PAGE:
I am disturbed that a former science teacher and schools inspector should propose the teaching of non-science in a science class. "Near-complete ignorance" is pretty much the most anyone can know about intelligent design, because there's nothing there. And scientific truth is not a matter of public popularity — even if every last British citizen thought creationism was true, that would not make it so.
As a former science teacher and schools inspector, I am disturbed that proposals for science education are based on near-complete ignorance of intelligent design. I also think the views of most British people in this matter should not be so readily set aside.
Intelligent design is a religious belief (and was declared so by Judge Jones in the famous Dover trial in America). If you look at the natural world and conclude that it was intelligently designed, you must take the next step and ask who designed it. Aliens? God? You choose, but you must base your choice on scientific evidence. If you have no evidence, then why are you proposing this as science? Intelligent design does not have "a good pedigree". It's true that great pioneers of modern science were creationists, but they were pre-Darwin. They were also religious, along with the majority of the population at the time.
It is an all too common error to confuse intelligent design with religious belief. While creationism draws its conclusions primarily from religious sources, intelligent design argues from observations of the natural world. And it has a good pedigree. A universe intelligible by design principles was the conclusion of many of the great pioneers of modern science.
Actually the integrated complexity of biological systems has been largely explained by evolution and natural selection. The information content of DNA will probably be explained too. It may be hard for you to see how, Mr. Noble, but just because you can't imagine it, that's no excuse for throwing your hands in the air and proclaiming it must have been done by aliens or God. There's progress on the abiogenesis front too — I understand it's been suggested in some quarters that the production of life in the laboratory may be achieved within a few years.
It is easily overlooked that the origin of life, the integrated complexity of biological systems and the vast information content of DNA have not been adequately explained by purely materialistic or neo-Darwinian processes. Indeed it is hard to see how they ever will.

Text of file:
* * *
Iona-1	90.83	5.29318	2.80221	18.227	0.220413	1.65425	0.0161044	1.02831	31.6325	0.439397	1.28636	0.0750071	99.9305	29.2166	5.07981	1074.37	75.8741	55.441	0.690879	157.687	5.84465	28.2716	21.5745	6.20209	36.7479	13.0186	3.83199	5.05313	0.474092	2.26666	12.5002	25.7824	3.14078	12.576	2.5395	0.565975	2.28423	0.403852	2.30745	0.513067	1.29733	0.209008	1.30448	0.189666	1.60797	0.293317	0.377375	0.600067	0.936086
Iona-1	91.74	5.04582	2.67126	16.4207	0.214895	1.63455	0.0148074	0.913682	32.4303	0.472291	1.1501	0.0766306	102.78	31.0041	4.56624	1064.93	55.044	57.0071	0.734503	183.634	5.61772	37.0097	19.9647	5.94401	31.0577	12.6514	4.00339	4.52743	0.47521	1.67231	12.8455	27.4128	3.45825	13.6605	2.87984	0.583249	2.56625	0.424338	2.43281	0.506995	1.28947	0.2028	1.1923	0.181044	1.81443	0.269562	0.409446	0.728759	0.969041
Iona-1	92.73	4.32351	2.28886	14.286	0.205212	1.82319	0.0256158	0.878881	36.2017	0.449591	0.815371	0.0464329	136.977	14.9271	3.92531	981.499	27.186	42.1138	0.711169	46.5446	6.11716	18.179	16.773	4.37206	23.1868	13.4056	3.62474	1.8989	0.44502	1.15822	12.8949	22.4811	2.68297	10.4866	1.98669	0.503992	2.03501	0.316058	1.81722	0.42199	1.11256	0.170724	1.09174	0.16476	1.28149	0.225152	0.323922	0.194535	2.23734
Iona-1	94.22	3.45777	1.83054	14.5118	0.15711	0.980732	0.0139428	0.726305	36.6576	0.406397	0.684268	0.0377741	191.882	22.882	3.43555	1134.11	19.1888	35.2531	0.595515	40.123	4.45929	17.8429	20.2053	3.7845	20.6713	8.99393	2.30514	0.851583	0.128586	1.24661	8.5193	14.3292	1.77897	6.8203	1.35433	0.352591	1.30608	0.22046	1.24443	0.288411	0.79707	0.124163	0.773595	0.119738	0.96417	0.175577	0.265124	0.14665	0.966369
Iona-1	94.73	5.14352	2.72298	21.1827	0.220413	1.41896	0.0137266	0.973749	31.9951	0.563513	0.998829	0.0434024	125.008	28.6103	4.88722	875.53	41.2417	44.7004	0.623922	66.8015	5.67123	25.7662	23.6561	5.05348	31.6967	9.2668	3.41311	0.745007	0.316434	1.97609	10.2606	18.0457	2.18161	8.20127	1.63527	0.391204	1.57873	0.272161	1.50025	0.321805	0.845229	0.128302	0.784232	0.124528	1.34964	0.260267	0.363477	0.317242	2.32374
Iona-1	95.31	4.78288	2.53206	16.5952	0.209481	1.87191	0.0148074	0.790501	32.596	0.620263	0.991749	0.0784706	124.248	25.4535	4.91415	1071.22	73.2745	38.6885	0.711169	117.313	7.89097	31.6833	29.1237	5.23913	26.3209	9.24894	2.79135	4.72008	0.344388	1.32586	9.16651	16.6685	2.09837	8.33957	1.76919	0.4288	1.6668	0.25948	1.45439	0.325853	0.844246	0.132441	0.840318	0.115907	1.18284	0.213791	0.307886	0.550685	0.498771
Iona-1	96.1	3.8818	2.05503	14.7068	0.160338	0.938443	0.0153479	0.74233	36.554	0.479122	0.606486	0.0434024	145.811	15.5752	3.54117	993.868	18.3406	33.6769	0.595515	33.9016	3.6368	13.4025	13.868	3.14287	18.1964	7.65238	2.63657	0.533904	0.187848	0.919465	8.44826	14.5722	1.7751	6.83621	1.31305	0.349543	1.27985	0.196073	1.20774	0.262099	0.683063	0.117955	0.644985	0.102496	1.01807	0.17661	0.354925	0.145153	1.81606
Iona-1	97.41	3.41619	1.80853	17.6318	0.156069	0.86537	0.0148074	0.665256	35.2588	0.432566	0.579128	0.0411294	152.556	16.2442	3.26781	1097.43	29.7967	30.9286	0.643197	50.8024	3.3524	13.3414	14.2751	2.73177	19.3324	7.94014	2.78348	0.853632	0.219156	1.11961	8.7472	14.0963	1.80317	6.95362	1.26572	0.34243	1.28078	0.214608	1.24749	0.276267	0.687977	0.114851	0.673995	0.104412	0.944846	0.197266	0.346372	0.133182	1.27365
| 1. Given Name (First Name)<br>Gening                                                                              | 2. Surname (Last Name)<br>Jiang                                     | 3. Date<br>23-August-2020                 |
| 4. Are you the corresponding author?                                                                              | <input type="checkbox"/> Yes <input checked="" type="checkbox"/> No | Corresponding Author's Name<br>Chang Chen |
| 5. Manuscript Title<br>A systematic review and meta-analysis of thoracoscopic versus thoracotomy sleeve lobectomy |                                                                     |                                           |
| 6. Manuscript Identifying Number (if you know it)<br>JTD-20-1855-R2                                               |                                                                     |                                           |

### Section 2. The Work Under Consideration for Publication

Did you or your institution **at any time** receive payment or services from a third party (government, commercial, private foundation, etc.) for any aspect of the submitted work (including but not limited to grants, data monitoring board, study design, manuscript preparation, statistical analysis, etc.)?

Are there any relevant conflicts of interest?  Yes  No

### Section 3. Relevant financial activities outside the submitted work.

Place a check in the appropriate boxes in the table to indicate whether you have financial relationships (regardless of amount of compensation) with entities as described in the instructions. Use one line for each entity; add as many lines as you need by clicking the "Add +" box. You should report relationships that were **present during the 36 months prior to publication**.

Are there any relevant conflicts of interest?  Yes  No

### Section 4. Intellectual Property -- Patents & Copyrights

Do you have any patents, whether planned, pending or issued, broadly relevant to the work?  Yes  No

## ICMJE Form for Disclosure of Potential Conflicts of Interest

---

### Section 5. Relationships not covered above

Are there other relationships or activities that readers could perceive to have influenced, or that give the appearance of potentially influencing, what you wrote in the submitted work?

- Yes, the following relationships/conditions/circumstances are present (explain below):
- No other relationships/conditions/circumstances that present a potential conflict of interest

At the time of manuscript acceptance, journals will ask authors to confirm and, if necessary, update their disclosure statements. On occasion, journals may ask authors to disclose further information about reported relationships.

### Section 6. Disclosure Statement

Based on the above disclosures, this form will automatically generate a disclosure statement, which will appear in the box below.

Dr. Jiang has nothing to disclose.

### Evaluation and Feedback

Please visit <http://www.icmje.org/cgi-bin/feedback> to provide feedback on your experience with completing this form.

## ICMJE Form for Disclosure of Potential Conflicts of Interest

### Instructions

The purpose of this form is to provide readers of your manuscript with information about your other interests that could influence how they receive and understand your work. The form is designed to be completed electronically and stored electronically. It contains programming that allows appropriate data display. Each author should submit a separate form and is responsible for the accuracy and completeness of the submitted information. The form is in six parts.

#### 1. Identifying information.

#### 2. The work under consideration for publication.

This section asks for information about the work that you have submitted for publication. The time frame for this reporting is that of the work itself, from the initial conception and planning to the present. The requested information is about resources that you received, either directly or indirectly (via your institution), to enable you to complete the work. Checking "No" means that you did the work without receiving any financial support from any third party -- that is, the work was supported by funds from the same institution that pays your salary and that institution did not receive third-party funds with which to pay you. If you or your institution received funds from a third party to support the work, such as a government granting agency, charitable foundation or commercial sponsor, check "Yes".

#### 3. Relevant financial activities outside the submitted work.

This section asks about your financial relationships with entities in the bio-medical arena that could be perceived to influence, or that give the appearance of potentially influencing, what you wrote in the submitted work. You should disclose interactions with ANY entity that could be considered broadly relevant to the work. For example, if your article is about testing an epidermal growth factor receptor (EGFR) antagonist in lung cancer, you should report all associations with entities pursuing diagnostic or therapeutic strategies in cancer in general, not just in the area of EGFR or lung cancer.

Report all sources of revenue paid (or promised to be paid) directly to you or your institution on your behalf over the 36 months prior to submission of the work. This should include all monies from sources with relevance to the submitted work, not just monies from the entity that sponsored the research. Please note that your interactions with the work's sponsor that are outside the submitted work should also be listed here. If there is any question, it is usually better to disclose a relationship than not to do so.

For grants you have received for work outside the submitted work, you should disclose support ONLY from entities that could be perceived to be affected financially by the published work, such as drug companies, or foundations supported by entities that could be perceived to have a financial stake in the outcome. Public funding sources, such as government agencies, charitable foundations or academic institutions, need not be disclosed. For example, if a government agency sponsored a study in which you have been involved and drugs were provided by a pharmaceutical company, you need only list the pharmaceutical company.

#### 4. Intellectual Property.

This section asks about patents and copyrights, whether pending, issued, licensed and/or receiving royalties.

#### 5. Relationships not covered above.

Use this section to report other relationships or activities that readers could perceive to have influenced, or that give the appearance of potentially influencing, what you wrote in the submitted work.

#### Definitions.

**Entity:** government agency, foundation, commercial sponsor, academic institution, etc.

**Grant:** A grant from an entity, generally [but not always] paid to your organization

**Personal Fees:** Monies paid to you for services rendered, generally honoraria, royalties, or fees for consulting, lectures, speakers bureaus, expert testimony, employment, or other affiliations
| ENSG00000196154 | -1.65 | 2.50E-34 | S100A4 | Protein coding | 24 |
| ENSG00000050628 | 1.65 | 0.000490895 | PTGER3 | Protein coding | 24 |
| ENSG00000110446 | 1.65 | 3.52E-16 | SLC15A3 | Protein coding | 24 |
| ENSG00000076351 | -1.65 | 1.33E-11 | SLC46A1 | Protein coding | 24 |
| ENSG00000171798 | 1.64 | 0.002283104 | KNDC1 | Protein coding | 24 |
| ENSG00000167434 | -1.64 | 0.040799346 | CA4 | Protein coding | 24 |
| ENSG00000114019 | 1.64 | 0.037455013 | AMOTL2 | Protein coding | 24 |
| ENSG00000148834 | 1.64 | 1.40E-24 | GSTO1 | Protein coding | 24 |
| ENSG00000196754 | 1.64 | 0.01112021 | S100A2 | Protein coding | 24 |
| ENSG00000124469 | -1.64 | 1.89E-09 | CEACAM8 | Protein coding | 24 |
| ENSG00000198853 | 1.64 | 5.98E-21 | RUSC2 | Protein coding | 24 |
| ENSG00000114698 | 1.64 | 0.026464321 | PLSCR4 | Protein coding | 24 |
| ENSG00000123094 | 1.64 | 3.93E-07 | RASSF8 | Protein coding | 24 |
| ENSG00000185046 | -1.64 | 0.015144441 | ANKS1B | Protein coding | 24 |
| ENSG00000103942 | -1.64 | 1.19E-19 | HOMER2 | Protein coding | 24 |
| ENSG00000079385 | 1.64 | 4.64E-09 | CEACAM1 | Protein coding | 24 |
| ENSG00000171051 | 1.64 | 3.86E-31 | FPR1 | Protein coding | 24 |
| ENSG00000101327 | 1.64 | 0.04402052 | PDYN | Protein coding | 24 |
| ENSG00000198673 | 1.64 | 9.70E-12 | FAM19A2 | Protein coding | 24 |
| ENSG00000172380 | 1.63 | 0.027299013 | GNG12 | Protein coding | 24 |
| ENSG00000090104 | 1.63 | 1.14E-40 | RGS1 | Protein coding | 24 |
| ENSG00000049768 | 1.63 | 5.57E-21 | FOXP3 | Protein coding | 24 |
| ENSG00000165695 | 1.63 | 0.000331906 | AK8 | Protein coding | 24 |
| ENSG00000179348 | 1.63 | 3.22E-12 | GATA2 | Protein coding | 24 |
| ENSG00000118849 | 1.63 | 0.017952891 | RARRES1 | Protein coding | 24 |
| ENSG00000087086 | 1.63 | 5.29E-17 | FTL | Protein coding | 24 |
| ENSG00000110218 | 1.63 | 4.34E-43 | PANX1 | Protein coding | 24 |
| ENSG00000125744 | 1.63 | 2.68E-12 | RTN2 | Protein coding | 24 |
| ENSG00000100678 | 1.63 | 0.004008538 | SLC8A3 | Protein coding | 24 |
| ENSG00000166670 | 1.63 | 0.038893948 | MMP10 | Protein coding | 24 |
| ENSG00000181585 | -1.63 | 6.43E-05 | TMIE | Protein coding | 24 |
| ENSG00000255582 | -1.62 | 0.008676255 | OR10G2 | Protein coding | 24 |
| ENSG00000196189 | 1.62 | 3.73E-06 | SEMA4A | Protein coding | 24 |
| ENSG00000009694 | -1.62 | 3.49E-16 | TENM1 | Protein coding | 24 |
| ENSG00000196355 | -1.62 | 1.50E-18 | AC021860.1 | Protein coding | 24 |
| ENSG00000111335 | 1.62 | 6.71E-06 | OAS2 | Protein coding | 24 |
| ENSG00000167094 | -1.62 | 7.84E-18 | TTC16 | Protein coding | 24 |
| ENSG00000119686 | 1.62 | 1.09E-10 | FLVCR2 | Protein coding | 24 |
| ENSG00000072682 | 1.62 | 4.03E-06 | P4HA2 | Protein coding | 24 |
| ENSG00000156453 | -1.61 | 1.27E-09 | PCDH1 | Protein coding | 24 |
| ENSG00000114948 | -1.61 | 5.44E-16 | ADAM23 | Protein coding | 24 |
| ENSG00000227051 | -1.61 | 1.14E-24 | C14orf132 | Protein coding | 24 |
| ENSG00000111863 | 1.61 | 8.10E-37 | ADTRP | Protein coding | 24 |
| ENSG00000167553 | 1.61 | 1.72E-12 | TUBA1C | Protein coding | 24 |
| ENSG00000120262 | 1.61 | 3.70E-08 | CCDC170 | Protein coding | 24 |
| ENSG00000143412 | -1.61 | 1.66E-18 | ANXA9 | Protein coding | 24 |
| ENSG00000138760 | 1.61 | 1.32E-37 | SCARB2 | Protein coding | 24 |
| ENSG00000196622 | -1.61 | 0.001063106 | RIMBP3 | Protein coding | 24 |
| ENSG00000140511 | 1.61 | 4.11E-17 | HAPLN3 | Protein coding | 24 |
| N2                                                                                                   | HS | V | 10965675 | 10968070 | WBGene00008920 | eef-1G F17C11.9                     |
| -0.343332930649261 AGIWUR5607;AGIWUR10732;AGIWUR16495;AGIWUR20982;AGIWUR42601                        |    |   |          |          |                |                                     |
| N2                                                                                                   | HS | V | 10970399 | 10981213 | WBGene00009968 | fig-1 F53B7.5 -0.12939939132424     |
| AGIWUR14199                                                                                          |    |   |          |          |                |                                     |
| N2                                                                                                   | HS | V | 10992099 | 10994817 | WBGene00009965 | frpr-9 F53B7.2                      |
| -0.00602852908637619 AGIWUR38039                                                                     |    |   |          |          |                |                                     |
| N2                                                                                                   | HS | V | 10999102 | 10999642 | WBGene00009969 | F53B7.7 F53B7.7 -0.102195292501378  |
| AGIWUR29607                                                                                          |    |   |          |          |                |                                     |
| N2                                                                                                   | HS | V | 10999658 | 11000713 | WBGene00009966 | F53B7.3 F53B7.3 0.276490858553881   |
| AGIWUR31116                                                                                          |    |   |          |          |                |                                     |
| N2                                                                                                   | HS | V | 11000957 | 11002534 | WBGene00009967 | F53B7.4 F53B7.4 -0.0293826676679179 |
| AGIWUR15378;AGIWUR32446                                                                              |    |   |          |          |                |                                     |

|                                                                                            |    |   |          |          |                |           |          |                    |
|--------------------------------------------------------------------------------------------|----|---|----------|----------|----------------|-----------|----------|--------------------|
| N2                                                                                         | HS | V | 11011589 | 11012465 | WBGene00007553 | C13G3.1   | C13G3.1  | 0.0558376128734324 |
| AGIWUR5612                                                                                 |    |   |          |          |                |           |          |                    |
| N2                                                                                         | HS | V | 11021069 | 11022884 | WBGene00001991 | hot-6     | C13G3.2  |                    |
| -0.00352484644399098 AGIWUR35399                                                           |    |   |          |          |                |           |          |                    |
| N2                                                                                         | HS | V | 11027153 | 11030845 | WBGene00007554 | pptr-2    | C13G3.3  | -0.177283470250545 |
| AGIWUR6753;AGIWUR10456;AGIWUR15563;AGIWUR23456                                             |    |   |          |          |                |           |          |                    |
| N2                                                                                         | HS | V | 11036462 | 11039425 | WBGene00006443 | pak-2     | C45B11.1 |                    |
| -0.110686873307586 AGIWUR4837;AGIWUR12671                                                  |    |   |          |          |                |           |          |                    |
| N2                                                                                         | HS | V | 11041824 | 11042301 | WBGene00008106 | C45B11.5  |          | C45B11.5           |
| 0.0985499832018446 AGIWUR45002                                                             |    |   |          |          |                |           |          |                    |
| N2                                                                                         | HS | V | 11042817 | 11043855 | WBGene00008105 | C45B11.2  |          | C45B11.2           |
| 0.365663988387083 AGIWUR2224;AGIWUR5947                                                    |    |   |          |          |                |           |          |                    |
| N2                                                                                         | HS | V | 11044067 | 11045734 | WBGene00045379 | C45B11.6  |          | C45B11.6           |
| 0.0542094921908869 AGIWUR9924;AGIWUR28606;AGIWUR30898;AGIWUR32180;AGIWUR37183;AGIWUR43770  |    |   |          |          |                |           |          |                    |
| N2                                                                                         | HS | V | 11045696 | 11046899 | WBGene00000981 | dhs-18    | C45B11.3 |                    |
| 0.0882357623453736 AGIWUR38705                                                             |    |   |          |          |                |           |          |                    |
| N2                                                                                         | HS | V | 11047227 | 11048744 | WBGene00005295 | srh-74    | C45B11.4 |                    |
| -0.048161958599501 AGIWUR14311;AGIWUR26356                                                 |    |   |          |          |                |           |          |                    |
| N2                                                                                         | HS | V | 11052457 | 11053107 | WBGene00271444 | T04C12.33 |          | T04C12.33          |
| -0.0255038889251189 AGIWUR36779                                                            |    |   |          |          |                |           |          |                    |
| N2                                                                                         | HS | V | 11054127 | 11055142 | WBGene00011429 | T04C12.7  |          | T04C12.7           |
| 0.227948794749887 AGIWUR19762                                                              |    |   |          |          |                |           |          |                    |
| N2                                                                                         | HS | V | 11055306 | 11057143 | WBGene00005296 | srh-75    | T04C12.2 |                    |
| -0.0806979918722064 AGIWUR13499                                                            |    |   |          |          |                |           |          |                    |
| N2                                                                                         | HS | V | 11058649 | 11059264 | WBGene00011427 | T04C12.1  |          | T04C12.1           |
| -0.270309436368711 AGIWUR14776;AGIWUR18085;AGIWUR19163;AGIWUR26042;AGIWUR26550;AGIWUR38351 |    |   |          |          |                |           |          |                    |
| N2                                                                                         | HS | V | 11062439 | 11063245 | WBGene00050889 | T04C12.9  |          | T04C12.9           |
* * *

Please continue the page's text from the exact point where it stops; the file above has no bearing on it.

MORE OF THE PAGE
The "observation everywhere else" is that information is created by human intelligence. That's a sample of one, from which you cannot extrapolate anything because it's statistically unsound. Much of biology that was once thought to be irreducibly complex has now been shown to have evolved, or to have plausible evolutionary pathways to its present form. There's no reason to suppose that the presence of information in DNA will not be similarly explained.
In an area such as this, where we cannot observe what happened directly, a legitimate scientific approach is to make an inference to the best explanation. In the case of the huge bank of functional information embedded in biological systems, the best explanation – based on the observation everywhere else that such information only arises from intelligence – is that it too has an intelligent source.
The research accruing from the complete sequencing of both the human genome and the genomes of other animals makes it far more likely that all living things have a single common ancestor, now that we understand so much more about how DNA works. Evolution by random mutation and natural selection is a scientific theory that's been consistently hammered for 150 years. Every scrap of new evidence uncovered has had the potential to falsify the theory, but instead has reinforced it, to the extent that evolution can be considered as much a scientific fact as the "theory" of gravity.
There is a tendency in school science to present the evidence for evolution as uniformly convincing and all-encompassing, failing to distinguish between what is directly observable – such as change and adaptation over time through natural selection – and the more hypothetical elements, like the descent of all living things from a common ancestor. The evidence for these various strands is not of equal strength.
I'm at a loss to know how intelligent causation could actually be taught in a science class. What do you tell the students? What demonstrations do you devise? Let's say, for instance, you're looking at the structure of primitive, single-celled organisms and you want the students to understand how they might have come into existence. You might talk about amino acids and self-replicating molecules — or you might simply close the textbook and say, "An intelligent causative agent caused the first cells to come into existence." That's not science, that's an intellectual cop-out.
If you insist that intelligent causation is to be excluded in the study of origins then you are teaching materialist philosophy, not science.
"Intelligent design" is not science.
I believe current government guidance is wrong in denying intelligent design the status of science. However, it does encourage teachers to handle it "positively and educationally". That's a small step in the right direction.